Well, it's been a month since I posted a note about what I would do during the subsequent week! But I'm still alive, I have merely suffered from writer's block. I can think of a fair amount of things to say about Ultima 1 & 2 and the other early games, but I have not had the patience to put it into some kind of cohesive statement. As an alternative, perhaps I will just ad-hoc write about each of the games, and call that a review overview.
But for today I want to fill in a loose end, concerning Lord British's reward. Turns out I was merely impatient because a few days ago an attractive medieval crossbow arrived in the mail. I had forgotten that David Watson aka Iolo actually builds crossbows in real life! Here's some free advertising:
I have not *yet* shot any holes in my walls, but I've come close. I should probably find an archery range. I also got a nice certificate, which at some point I'll scan.
Well...I guess I'm here and I'm writing, aren't I? Might as well write about Akalabeth.
Ah...The World of Doom. Originally sold in a ziploc baggy in a local store, then eventually picked up by California Pacific. It's hard to think of much to say about Akalabeth for several reasons...First, it's so old and simple that it's almost like writing an in-depth discussion of Pong. Second, it was (and feels like) an experiment in game making; it does not have the feel of a game that was well-tested or which was designed with much game balance in mind. Finally, the game is pretty much entirely subsumed into Ultima I, which has much of the same dungeon interface, and the dungeons serve more or less the same purpose.
In fact, Dragon Magazine (not sure if they are still around--they're an RPG magazine) has a review of Akalabeth in one of their 1982 issues! They were pretty down on the game, complaining of its bad graphics and dubious game mechanics, and reading it I had to wonder whether to take them seriously, considering the fact that it was a couple of years old when it was reviewed and games on home computers were pretty much in their infancy.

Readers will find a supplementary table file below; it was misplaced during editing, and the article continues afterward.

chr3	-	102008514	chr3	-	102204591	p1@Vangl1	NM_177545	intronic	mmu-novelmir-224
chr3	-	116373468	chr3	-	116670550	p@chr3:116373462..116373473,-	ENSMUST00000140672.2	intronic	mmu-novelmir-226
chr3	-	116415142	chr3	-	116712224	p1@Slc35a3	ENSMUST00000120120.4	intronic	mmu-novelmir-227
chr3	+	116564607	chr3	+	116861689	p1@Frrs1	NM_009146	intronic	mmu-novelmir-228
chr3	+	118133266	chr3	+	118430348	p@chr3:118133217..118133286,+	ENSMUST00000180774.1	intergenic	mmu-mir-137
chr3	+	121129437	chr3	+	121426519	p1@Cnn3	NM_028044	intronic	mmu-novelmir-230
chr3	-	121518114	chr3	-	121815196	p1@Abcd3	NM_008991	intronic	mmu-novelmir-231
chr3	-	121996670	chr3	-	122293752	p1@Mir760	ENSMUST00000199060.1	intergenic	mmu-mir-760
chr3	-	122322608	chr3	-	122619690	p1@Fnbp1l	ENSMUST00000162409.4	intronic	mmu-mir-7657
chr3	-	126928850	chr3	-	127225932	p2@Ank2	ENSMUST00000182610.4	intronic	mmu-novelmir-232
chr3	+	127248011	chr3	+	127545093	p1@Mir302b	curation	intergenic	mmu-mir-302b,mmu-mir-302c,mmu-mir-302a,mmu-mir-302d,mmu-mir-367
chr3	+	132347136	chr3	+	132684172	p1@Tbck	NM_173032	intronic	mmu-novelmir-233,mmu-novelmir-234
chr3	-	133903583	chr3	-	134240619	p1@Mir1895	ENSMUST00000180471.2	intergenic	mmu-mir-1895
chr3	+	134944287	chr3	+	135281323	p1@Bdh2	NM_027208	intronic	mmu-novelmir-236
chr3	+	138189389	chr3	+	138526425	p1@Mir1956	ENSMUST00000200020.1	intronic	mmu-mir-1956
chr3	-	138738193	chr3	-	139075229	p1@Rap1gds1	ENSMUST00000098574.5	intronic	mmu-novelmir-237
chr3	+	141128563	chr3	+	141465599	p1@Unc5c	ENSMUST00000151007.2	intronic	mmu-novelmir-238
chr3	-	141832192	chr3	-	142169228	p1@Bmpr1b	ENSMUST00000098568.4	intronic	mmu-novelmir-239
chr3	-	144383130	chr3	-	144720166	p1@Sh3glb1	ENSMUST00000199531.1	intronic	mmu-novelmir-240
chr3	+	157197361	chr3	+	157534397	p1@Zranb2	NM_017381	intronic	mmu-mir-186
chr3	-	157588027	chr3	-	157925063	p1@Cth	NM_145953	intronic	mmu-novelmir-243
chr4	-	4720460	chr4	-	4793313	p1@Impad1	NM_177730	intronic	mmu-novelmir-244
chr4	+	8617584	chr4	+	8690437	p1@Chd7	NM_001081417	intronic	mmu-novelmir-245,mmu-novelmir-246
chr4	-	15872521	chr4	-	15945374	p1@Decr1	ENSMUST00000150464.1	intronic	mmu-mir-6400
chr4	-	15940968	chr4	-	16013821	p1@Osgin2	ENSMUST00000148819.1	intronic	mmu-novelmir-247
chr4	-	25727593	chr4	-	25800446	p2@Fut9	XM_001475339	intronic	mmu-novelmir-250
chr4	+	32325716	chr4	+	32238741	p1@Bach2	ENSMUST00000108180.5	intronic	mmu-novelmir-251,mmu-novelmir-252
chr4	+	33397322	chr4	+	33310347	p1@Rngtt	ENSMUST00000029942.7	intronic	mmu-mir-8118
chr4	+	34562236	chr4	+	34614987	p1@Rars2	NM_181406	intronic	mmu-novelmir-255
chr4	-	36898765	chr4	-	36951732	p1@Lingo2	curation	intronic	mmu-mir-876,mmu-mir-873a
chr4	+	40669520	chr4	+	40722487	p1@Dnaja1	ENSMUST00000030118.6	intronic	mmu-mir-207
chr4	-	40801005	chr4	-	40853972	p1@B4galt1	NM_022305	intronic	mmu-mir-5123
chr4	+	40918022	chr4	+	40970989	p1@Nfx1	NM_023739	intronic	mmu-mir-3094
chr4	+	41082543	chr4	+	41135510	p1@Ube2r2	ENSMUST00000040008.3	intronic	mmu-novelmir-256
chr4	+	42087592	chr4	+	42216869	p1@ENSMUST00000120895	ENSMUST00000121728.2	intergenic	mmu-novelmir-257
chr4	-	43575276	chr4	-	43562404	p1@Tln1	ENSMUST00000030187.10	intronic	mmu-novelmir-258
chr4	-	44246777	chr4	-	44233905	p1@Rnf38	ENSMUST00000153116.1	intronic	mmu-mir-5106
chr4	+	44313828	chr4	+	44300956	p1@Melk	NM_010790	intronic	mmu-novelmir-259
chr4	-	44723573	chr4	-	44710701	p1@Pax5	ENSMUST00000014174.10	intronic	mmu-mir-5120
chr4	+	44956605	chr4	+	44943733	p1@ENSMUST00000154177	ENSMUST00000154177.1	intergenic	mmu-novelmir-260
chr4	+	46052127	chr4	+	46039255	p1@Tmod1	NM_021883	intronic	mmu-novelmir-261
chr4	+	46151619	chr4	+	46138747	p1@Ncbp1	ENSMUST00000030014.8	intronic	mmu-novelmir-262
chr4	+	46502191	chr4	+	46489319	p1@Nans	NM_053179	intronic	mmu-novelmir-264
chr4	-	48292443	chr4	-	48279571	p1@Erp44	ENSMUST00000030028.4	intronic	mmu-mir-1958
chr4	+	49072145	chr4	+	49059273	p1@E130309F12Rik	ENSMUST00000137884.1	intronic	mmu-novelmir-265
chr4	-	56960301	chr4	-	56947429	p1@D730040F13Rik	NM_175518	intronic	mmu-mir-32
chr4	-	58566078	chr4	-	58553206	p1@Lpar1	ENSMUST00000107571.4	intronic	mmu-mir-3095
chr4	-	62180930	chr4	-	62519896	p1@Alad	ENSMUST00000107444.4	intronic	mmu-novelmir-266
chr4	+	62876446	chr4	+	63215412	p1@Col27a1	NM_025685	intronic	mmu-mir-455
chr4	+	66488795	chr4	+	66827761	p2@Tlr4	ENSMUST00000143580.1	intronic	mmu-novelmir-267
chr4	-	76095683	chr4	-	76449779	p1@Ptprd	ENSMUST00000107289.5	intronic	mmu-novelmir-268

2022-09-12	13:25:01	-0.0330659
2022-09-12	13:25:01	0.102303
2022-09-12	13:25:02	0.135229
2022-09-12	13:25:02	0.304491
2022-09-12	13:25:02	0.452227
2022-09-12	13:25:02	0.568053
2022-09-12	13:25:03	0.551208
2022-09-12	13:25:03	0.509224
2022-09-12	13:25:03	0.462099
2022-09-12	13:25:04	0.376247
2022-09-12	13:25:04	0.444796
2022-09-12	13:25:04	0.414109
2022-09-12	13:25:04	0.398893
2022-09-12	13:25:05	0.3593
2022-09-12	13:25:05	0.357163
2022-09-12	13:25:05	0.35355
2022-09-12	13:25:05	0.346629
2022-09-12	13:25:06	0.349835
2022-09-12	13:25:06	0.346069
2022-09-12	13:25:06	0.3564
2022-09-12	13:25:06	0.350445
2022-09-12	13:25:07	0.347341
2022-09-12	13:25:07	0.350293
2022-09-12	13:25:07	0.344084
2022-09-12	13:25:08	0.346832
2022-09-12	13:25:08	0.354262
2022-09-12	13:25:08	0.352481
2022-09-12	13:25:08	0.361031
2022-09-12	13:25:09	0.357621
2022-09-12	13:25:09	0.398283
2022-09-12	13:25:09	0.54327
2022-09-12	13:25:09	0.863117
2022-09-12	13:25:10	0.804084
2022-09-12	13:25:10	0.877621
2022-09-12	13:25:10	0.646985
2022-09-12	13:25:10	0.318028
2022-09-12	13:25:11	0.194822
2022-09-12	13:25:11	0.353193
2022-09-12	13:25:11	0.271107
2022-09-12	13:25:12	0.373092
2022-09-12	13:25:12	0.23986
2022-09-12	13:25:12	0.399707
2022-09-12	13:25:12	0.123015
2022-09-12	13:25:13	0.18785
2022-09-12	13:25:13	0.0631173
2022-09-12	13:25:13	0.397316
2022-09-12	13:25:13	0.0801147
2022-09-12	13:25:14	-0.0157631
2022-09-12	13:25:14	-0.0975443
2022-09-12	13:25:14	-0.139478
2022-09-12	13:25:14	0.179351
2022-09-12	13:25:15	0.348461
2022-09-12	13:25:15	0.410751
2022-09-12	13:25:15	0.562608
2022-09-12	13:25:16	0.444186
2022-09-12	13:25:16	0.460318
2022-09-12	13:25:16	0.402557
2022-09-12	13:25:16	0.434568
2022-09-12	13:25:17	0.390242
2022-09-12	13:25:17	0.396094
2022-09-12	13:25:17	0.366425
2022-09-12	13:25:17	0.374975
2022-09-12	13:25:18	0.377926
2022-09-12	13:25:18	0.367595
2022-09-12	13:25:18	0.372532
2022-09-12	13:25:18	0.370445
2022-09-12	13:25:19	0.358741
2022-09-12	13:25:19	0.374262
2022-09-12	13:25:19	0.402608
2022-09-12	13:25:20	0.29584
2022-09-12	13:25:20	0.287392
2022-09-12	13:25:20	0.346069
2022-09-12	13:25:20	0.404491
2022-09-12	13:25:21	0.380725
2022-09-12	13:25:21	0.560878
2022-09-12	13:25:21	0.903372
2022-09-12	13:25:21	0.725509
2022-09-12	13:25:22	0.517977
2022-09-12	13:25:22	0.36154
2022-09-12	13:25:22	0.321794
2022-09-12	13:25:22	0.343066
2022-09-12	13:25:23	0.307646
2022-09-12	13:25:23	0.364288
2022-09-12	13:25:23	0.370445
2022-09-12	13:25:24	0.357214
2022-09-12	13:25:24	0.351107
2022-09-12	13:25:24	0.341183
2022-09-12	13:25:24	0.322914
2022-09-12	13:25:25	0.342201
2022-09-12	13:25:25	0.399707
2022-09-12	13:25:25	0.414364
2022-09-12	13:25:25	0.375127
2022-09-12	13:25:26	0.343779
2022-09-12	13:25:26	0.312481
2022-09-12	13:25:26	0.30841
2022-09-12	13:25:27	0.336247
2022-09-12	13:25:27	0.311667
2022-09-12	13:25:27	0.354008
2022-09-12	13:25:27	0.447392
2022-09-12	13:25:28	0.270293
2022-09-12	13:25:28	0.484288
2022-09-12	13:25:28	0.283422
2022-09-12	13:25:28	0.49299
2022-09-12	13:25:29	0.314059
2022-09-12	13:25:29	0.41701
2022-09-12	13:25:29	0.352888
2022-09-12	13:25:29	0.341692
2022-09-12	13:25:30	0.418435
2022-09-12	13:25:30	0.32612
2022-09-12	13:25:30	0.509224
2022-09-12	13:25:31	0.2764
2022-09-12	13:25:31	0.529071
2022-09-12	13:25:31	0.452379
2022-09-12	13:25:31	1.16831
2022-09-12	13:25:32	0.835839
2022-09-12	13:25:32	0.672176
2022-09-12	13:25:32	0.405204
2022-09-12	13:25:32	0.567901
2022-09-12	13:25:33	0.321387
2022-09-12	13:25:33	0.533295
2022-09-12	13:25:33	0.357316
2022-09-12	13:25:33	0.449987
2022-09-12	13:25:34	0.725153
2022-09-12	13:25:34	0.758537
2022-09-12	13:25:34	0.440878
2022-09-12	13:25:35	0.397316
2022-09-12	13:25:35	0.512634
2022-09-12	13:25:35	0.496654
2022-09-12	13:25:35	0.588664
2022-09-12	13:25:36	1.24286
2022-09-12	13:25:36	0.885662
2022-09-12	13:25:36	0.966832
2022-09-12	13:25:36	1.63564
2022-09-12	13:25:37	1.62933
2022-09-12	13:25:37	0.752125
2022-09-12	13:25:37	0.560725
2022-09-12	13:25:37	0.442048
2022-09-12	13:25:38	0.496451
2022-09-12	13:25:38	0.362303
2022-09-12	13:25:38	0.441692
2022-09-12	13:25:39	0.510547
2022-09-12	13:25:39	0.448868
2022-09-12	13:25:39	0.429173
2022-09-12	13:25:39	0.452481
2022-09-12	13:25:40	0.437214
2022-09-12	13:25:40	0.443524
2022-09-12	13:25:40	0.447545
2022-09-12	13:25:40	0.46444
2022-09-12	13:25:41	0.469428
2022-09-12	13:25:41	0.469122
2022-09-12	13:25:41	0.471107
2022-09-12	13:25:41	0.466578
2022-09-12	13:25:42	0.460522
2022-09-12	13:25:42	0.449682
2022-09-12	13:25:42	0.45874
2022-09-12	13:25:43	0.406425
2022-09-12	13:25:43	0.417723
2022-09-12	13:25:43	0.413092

In any case, in Akalabeth you see a fair number of seeds of the later series, especially of the first five games; there's some tile graphics in the outer world (albeit with gigantic tiles), and maybe you could even argue that the presence of irrelevant tree tiles is a premonition of not-plot-essential locations that show up in later games!
One of the things that distinguishes Akalabeth from a random assortment of similarly-old games I've played is the sense that you can actually finish it. I've always found classic arcade games, for example, rather depressing because often they are just endless swarms of enemies that will eventually kill you, no matter how long or hard you try, and even the greatest has nothing left in the end besides a trio of letters and a number stamped on an electronic gravestone that will be erased as soon as someone pulls the plug. So they are ultimately an exercise in futility. However, you can eventually win Akalabeth, even if the game encourages you to keep playing.
The biggest problems with the game lies in its bizarre game mechanics, where absurdities abound--the most inane being the fact that thieves regularly steal weapons right out of your hand! This is enormously counter-intuitive. In the same ballpark is the shockingly enormous quantities of food that gremlins can eat, or the fact that dungeons are infinite. Winning the game then entails immersing yourself into the bizarre structure of the game, repeatedly following the exact same steps to acquire gold and weapons, and eventually you realize the game probably can't be won in your natural state, then note that becoming a lizardman makes you close to invincible, and boom! It's all over.
Akalabeth tosses you into an insane randomly-generated world, with the utterly primitive graphics accentuating the atmosphere, and the only way to survive is to take advantage of the way the world is rigged against you, and turn the mechanics to your advantage. When you win, in a bit of unintentional silliness, you are invited to call a disconnected phone number to report your deeds to a vanished company. In short, its charm today is as an amusing diversion, and much of the charm rests on the artifacts of its age.
Next time I'm home I'll dig up that Dragon magazine article and try and post some quotes. They also had reviews of Ultimas III, IV, VI, and VII I think. I seem to recall they were unusual in panning IV.